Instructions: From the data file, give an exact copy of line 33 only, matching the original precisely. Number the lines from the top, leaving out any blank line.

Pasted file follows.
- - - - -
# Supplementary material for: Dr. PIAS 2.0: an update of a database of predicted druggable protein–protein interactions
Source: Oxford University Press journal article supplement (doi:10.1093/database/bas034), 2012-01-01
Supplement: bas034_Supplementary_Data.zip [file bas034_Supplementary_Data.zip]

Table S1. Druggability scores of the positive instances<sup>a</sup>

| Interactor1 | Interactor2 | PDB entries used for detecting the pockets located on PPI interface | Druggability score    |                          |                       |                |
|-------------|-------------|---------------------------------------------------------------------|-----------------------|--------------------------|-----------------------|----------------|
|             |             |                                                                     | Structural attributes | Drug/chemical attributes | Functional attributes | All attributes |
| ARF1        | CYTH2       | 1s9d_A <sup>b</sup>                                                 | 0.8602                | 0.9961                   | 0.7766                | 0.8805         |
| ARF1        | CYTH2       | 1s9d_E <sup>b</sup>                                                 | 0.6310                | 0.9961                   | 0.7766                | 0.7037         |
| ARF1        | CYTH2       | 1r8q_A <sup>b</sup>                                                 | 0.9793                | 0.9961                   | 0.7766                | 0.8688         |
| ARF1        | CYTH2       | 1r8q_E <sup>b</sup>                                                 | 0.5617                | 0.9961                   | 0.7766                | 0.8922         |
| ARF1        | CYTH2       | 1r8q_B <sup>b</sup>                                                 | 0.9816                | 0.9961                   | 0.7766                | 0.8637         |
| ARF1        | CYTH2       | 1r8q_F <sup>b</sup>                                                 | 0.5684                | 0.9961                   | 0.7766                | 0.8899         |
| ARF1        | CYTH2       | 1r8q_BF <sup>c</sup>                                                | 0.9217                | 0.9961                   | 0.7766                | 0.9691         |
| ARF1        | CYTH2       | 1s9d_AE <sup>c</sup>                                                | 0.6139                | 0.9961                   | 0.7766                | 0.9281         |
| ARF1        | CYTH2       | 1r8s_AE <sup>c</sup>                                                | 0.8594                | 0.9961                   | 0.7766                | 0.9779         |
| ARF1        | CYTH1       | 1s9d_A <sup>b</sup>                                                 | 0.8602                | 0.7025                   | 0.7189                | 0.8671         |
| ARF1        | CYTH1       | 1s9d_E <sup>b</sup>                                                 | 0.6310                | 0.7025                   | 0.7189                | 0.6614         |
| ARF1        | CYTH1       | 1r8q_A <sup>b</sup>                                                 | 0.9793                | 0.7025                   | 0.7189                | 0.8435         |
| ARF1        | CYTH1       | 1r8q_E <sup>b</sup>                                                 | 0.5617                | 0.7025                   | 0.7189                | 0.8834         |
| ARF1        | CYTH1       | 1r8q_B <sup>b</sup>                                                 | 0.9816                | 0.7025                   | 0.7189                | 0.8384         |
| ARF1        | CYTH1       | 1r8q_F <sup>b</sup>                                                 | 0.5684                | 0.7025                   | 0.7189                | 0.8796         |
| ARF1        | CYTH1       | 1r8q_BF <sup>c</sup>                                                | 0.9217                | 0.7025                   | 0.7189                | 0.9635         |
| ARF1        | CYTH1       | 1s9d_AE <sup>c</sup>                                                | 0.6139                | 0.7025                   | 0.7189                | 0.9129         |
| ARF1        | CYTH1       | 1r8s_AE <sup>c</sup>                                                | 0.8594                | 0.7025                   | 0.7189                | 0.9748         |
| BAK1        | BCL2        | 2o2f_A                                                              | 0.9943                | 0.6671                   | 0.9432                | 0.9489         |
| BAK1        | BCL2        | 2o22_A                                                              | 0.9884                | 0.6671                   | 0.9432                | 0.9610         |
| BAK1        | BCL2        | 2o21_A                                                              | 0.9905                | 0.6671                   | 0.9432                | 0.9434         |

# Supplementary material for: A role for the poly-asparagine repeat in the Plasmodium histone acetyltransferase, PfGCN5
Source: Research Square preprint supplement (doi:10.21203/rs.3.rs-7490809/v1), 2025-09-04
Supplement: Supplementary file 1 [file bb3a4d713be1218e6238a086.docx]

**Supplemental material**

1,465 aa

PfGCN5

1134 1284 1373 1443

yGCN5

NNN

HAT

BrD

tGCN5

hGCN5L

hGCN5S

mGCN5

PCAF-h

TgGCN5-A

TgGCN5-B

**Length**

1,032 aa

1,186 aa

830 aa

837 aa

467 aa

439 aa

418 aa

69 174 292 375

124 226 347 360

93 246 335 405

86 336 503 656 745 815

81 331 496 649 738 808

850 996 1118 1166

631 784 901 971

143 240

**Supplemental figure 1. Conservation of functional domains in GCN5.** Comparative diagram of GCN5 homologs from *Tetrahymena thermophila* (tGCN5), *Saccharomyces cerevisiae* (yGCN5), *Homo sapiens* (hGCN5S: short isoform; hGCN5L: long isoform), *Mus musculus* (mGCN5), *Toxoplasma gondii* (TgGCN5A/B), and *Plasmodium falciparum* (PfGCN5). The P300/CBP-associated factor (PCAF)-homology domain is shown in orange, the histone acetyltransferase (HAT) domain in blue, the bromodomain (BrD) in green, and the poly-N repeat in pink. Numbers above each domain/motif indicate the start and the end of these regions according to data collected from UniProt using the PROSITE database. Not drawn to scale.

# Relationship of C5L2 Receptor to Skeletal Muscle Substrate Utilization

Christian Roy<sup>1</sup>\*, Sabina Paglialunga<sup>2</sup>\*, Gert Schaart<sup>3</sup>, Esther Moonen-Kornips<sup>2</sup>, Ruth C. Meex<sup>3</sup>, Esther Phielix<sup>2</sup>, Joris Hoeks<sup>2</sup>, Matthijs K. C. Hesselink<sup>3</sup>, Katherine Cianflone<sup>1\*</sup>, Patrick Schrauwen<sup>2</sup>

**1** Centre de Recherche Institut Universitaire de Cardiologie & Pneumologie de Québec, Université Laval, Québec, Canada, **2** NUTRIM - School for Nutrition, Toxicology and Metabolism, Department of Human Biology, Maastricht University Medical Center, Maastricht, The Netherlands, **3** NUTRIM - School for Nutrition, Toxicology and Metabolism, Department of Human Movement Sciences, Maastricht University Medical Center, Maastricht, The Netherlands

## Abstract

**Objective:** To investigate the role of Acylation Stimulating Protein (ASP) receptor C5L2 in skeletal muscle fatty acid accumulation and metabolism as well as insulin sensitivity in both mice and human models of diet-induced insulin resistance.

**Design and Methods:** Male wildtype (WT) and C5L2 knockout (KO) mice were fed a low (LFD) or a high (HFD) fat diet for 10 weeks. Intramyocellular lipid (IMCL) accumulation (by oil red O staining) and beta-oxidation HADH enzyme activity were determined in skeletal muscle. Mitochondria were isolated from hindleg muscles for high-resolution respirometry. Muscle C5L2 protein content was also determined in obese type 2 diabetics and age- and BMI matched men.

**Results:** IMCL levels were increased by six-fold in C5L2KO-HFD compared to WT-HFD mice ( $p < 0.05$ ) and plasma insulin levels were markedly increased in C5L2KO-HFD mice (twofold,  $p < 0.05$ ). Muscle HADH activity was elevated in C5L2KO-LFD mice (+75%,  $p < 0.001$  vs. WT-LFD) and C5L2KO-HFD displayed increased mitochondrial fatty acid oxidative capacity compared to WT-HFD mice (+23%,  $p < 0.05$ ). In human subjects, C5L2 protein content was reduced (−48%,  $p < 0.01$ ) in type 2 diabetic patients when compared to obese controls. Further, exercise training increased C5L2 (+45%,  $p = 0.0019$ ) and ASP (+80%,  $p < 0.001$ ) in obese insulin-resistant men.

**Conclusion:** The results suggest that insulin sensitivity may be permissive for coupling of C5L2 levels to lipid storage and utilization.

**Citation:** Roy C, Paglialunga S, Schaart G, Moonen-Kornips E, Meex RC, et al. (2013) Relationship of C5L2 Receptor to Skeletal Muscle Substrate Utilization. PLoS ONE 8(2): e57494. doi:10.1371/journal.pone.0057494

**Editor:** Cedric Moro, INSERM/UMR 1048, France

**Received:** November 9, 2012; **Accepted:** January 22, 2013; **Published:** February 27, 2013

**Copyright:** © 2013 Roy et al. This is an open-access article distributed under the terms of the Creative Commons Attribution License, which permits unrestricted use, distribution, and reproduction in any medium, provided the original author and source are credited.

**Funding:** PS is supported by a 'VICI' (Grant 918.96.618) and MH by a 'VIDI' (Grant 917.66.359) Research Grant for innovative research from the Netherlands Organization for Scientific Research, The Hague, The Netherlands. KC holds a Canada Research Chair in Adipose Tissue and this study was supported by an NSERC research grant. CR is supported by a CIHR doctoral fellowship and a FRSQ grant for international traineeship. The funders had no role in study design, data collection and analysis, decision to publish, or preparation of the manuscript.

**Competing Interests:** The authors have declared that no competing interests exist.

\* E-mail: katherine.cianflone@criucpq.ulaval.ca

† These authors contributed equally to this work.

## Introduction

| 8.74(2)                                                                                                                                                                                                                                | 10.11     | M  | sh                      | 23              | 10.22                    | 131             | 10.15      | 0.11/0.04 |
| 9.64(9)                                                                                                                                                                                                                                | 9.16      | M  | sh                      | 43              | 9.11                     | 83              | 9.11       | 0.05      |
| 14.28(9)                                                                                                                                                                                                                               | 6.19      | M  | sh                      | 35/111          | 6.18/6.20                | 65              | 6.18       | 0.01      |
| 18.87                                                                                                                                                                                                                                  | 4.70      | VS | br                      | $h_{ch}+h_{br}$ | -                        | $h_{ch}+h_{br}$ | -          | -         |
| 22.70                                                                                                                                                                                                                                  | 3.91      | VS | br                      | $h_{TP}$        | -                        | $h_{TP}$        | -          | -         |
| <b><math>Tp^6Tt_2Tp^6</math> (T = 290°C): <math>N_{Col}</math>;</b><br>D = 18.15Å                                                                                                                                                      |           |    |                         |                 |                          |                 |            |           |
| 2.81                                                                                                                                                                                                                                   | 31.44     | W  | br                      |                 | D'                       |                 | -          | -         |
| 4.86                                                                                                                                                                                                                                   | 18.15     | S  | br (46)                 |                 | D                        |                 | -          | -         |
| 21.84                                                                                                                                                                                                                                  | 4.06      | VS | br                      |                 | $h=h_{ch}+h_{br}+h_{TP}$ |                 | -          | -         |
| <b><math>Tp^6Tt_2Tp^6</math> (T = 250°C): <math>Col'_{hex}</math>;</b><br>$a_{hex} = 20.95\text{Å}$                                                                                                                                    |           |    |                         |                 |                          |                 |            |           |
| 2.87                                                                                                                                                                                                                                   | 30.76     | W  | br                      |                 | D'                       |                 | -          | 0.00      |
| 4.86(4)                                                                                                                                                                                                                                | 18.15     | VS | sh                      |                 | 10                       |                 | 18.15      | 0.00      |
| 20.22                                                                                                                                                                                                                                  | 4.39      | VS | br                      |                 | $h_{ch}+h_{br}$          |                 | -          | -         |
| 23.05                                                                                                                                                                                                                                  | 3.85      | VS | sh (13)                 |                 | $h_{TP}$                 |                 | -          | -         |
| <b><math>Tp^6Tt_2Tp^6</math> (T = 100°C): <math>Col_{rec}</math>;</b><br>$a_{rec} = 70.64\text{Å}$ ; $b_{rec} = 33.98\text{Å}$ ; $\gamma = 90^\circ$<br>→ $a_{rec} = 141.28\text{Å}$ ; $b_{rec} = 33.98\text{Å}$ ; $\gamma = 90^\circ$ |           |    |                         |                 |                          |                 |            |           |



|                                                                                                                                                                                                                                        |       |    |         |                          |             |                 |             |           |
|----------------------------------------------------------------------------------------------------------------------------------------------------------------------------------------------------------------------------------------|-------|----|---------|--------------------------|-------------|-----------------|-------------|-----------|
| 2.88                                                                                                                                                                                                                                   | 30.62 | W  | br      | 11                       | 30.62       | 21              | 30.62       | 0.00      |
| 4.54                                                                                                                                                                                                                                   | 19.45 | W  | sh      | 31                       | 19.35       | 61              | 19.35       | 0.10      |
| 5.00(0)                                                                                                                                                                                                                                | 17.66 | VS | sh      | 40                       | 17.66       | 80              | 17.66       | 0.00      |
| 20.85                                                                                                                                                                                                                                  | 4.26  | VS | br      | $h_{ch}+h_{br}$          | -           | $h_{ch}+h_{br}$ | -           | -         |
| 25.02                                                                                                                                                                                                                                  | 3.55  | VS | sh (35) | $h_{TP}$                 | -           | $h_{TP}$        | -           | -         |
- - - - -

1,465 aa